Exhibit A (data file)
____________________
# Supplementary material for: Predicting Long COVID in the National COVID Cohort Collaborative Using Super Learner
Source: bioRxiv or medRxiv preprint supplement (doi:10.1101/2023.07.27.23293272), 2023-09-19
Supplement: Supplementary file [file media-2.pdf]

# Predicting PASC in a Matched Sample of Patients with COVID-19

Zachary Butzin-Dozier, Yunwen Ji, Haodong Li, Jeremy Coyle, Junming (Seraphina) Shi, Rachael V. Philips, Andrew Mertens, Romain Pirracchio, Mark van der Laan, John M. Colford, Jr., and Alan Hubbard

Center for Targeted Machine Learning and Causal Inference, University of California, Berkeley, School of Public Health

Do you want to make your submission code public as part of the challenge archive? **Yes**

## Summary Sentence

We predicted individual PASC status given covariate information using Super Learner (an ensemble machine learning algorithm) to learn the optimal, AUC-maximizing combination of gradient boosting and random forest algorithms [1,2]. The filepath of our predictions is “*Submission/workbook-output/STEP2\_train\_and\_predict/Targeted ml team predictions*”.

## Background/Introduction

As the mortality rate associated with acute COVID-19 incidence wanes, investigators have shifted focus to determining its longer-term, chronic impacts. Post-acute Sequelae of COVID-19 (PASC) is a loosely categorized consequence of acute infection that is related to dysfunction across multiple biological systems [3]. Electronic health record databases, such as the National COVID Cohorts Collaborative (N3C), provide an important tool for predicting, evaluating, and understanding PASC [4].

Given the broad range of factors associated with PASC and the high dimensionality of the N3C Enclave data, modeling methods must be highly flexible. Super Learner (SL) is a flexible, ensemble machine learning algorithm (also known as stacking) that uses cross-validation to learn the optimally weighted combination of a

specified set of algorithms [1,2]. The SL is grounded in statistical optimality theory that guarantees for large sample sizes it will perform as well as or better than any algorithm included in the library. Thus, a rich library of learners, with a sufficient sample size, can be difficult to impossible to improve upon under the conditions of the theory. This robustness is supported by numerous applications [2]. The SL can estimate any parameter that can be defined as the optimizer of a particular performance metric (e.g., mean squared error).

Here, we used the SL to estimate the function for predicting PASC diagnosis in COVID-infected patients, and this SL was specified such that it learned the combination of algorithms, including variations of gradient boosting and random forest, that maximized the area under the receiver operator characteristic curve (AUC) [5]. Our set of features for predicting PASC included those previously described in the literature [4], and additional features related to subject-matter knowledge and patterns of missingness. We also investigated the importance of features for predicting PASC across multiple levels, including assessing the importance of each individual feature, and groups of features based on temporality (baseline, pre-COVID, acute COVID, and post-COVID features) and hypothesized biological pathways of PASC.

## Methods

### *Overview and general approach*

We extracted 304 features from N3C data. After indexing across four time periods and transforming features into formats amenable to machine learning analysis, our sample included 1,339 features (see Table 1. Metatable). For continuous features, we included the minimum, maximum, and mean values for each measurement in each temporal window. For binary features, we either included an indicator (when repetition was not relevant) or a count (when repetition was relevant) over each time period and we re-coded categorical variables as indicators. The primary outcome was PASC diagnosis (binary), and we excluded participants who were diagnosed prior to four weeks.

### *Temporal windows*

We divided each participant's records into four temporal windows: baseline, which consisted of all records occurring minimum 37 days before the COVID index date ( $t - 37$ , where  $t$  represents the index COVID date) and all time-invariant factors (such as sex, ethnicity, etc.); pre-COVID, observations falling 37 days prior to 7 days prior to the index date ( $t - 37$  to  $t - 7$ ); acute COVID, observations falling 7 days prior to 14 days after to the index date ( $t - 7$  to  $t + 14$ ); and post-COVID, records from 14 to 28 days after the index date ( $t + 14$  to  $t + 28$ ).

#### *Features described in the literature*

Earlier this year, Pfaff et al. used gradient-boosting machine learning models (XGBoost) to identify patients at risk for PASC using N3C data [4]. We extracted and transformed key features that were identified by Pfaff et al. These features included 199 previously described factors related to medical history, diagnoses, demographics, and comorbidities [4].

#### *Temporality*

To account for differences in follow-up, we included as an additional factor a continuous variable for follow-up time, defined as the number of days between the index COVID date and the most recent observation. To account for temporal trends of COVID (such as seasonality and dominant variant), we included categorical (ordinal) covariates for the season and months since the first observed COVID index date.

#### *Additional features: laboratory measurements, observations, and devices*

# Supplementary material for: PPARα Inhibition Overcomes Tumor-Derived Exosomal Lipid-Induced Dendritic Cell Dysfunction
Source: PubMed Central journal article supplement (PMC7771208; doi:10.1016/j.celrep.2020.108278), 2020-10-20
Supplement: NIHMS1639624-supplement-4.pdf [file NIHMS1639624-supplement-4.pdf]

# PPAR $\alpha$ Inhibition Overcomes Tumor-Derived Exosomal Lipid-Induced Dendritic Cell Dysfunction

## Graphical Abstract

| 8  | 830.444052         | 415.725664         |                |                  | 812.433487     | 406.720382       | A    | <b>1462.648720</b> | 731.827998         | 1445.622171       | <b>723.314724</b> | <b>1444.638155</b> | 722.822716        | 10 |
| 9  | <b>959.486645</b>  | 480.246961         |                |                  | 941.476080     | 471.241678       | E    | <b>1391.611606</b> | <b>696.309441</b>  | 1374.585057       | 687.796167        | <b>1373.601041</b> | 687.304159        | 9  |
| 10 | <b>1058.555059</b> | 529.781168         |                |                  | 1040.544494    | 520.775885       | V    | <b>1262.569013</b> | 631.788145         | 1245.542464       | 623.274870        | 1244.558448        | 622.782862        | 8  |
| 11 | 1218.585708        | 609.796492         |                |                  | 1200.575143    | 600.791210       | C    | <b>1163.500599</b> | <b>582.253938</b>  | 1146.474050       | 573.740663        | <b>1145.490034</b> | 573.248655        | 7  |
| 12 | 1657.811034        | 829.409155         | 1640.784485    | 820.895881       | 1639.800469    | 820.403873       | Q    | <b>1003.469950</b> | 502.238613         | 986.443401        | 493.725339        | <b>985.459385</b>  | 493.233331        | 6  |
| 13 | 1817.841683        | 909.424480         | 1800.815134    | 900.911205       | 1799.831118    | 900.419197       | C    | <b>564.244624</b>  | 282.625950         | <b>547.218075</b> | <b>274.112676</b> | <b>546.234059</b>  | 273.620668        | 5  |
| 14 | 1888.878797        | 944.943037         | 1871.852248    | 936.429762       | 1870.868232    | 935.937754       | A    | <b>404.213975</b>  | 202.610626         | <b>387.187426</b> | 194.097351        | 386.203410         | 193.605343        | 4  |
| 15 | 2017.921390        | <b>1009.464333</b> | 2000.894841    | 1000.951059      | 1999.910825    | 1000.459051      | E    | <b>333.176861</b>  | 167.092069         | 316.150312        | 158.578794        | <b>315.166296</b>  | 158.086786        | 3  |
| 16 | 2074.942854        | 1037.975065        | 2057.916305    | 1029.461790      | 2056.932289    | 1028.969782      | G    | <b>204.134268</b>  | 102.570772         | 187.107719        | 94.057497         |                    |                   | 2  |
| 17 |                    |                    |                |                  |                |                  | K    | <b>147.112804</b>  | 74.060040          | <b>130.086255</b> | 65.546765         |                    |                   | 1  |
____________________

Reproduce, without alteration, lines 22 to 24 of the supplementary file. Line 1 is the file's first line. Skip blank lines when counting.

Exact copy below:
#### *Temporality*

To account for differences in follow-up, we included as an additional factor a continuous variable for follow-up time, defined as the number of days between the index COVID date and the most recent observation. To account for temporal trends of COVID (such as seasonality and dominant variant), we included categorical (ordinal) covariates for the season and months since the first observed COVID index date.

#### *Additional features: laboratory measurements, observations, and devices*